Main Results: 12 studies were identified with a total study population of 77 011. NOACs demonstrated a reduction in the composite of stroke or systemic embolic events OR 0.85 (95% CI 0.75 to 0.98), a 52% reduction in intracranial haemorrhage OR 0.48 (95% CI 0.40 to 0.57) and a 14% reduction in mortality OR 0.86 (0.82 to 0.91). The 30-day end of study switch to warfarin demonstrated an in increase in stroke or systemic embolic events OR 2.60 (95% CI 1.61 to 4.18) and an increase in major bleeding OR 2.19 (95% CI 1.42 to 3.36).

Conclusions: NOACs are superior to warfarin for the prevention of the composite of stroke and systemic embolism in patients with AF and an additional risk factor for stroke. There is a significant reduction in intracranial haemorrhage, which drives the finding of significantly lower mortality. During the poststudy switch from NOACs to warfarin there is an excess of the composite of stroke and systemic embolism as well as major bleeding events, which may be of significance in clinical practice.
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http://dx.doi.org/10.1136/openhrt-2015-000279DOI Listing
http://www.ncbi.nlm.nih.gov/pmc/articles/PMC4731839PMC
February 2016

Cochrane corner: oral hormone therapy and cardiovascular outcomes in post-menopausal women.

Heart 2016 Jan 9;102(1):9-11. Epub 2015 Oct 9.

Iberoamerican Cochrane Centre, Biomedical Research Institute Sant Pau (IIB Sant Pau), CIBER Epidemiología y Salud Pública (CIBERESP), Barcelona, Spain.

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http://dx.doi.org/10.1136/heartjnl-2015-308287DOI Listing
January 2016

Hormone therapy for preventing cardiovascular disease in post-menopausal women.

Cochrane Database Syst Rev 2015 Mar 10(3):CD002229. Epub 2015 Mar 10.

Department of Cardiovascular Medicine, University of Oxford, John Radcliffe Hospital, Oxford, UK, OX3 9DU.

Background: Evidence from systematic reviews of observational studies suggests that hormone therapy may have beneficial effects in reducing the incidence of cardiovascular disease events in post-menopausal women, however the results of randomised controlled trials (RCTs) have had mixed results. This is an updated version of a Cochrane review published in 2013.

Objectives: To assess the effects of hormone therapy for the prevention of cardiovascular disease in post-menopausal women, and whether there are differential effects between use in primary or secondary prevention. Secondary aims were to undertake exploratory analyses to (i) assess the impact of time since menopause that treatment was commenced (≥ 10 years versus < 10 years), and where these data were not available, use age of trial participants at baseline as a proxy (≥ 60 years of age versus < 60 years of age); and (ii) assess the effects of length of time on treatment.

Search Methods: We searched the following databases on 25 February 2014: Cochrane Central Register of Controlled Trials (CENTRAL) in The Cochrane Library, MEDLINE, EMBASE and LILACS. We also searched research and trials registers, and conducted reference checking of relevant studies and related systematic reviews to identify additional studies.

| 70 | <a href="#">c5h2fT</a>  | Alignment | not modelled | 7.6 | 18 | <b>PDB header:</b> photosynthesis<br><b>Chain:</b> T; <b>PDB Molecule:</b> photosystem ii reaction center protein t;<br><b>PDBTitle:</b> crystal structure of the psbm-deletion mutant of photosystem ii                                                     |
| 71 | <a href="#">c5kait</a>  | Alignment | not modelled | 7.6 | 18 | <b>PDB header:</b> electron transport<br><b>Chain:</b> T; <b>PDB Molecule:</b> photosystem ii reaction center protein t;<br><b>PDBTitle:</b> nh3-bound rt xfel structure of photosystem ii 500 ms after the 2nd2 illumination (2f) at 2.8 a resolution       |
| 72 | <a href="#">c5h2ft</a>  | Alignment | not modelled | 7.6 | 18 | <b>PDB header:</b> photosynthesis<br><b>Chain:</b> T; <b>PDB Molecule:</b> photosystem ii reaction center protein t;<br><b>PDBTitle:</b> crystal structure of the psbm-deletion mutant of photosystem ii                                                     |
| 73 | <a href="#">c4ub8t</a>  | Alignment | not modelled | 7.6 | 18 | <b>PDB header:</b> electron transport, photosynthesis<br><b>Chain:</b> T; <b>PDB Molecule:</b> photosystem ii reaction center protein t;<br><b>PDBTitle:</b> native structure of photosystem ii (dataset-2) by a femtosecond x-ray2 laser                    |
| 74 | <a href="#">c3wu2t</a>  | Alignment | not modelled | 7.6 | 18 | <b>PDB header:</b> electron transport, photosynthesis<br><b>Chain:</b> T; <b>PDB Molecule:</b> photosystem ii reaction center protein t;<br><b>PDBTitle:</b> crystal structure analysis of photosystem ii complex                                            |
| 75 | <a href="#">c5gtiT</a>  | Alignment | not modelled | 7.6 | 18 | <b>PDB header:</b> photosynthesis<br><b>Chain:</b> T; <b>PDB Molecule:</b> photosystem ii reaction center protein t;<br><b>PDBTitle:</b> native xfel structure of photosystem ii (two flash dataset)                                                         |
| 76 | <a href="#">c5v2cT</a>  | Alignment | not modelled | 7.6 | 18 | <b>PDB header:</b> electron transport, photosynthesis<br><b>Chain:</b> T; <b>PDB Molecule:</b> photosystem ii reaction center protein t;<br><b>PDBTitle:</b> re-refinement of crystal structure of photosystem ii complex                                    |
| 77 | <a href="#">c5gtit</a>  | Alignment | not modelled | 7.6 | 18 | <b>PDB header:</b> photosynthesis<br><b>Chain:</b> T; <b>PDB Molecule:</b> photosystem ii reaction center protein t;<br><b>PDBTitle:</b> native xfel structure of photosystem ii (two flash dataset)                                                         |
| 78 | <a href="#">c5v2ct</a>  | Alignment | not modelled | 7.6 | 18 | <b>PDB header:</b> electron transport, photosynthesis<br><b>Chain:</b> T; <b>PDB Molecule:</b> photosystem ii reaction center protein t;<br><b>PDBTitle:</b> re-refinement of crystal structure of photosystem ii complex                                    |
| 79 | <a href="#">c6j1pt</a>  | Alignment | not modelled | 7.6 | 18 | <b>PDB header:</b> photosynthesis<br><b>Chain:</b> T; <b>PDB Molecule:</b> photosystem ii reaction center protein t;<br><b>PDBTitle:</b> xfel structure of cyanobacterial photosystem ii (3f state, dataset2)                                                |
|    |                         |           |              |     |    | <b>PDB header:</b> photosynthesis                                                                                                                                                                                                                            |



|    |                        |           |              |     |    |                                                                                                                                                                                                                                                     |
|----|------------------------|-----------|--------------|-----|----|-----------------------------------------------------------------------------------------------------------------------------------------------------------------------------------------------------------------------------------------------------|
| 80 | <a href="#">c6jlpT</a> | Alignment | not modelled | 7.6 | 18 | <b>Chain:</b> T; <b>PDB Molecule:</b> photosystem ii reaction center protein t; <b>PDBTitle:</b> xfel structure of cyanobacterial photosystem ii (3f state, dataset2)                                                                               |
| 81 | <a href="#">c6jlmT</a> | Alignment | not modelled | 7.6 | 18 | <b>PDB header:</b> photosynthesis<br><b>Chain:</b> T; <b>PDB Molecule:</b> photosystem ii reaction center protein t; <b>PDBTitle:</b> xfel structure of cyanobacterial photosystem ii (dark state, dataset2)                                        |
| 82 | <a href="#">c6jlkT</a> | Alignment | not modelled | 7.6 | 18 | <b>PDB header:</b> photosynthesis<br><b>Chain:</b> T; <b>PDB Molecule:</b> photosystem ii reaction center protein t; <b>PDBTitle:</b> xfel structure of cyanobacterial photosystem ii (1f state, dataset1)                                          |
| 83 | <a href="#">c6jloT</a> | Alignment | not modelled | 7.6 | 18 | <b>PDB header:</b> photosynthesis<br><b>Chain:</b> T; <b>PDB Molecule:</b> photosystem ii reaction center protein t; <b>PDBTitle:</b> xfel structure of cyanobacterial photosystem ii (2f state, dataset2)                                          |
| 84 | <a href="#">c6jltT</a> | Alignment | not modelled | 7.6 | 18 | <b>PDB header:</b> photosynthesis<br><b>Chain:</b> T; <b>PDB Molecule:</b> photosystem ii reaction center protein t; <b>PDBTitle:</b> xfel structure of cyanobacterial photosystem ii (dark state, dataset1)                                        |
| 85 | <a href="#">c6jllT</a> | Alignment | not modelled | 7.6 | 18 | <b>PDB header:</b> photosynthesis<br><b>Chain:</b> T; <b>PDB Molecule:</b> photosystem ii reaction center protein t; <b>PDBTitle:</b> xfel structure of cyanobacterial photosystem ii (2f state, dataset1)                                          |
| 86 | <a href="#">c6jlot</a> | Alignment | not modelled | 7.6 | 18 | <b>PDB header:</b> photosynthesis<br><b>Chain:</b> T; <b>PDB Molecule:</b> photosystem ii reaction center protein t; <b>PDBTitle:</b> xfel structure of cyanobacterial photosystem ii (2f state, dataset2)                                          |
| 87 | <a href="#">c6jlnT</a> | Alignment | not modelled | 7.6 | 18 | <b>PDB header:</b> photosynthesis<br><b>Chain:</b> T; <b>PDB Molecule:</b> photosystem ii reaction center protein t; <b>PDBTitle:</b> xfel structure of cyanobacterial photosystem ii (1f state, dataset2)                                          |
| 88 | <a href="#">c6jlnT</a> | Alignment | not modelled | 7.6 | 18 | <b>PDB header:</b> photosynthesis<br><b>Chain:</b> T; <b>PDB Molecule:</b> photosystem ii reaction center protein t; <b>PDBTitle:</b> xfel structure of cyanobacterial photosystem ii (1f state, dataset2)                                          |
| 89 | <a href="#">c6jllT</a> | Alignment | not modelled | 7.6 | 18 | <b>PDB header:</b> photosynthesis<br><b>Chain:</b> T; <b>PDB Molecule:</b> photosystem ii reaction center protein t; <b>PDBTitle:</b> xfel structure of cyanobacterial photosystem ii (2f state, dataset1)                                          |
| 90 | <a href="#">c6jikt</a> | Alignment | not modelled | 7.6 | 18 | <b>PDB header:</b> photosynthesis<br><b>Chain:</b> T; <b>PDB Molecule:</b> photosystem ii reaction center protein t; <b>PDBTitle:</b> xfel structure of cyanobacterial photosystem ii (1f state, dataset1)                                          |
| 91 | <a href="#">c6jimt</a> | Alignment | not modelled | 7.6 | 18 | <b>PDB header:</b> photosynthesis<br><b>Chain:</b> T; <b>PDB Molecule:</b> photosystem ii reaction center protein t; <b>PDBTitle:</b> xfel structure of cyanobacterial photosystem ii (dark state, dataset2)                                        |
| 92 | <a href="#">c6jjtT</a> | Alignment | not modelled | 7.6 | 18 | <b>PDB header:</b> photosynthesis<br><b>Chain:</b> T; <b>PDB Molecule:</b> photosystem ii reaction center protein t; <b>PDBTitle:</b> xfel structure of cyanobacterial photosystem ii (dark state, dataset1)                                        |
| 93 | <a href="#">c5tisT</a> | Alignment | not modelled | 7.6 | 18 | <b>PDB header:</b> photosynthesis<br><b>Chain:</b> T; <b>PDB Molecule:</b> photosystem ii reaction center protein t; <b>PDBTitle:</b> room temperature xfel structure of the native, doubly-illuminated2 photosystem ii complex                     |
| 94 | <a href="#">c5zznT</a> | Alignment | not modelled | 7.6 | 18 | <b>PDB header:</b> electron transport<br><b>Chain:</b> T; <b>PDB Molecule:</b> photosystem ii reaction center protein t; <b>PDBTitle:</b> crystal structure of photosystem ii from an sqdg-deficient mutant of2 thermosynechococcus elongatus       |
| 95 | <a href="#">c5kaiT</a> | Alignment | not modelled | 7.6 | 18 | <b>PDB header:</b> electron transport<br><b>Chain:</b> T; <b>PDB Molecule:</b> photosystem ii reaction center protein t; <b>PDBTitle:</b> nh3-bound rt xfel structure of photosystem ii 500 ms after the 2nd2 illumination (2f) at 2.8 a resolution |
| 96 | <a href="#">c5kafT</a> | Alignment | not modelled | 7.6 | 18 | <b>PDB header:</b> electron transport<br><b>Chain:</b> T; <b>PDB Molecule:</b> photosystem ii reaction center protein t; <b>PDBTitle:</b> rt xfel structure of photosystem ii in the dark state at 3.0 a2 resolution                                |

Selection Criteria: RCTs of women comparing orally administered hormone therapy with placebo or a no treatment control, with a minimum of six months follow-up.

Data Collection And Analysis: Two authors independently assessed study quality and extracted data. We calculated risk ratios (RRs) with 95% confidence intervals (CIs) for each outcome. We combined results using random effects meta-analyses, and undertook further analyses to assess the effects of treatment as primary or secondary prevention, and whether treatment was commenced more than or less than 10 years after menopause.

Main Results: We identified six new trials through this update. Therefore the review includes 19 trials with a total of 40,410 post-menopausal women. On the whole, study quality was good and generally at low risk of bias; the findings are dominated by the three largest trials. We found high quality evidence that hormone therapy in both primary and secondary prevention conferred no protective effects for all-cause mortality, cardiovascular death, non-fatal myocardial infarction, angina, or revascularisation. However, there was an increased risk of stroke in those in the hormone therapy arm for combined primary and secondary prevention (RR 1.24, 95% CI 1.10 to 1.41). Venous thromboembolic events were increased (RR 1.92, 95% CI 1.36 to 2.69), as were pulmonary emboli (RR 1.81, 95% CI 1.32 to 2.48) on hormone therapy relative to placebo.The absolute risk increase for stroke was 6 per 1000 women (number needed to treat for an additional harmful outcome (NNTH) = 165; mean length of follow-up: 4.21 years (range: 2.0 to 7.1)); for venous thromboembolism 8 per 1000 women (NNTH = 118; mean length of follow-up: 5.95 years (range: 1.0 to 7.1)); and for pulmonary embolism 4 per 1000 (NNTH = 242; mean length of follow-up: 3.13 years (range: 1.0 to 7.1)).We performed subgroup analyses according to when treatment was started in relation to the menopause. Those who started hormone therapy less than 10 years after the menopause had lower mortality (RR 0.70, 95% CI 0.52 to 0.95, moderate quality evidence) and coronary heart disease (composite of death from cardiovascular causes and non-fatal myocardial infarction) (RR 0.52, 95% CI 0.29 to 0.96; moderate quality evidence), though they were still at increased risk of venous thromboembolism (RR 1.74, 95% CI 1.11 to 2.73, high quality evidence) compared to placebo or no treatment. There was no strong evidence of effect on risk of stroke in this group. In those who started treatment more than 10 years after the menopause there was high quality evidence that it had little effect on death or coronary heart disease between groups but there was an increased risk of stroke (RR 1.21, 95% CI 1.06 to 1.38, high quality evidence) and venous thromboembolism (RR 1.96, 95% CI 1.37 to 2.80, high quality evidence).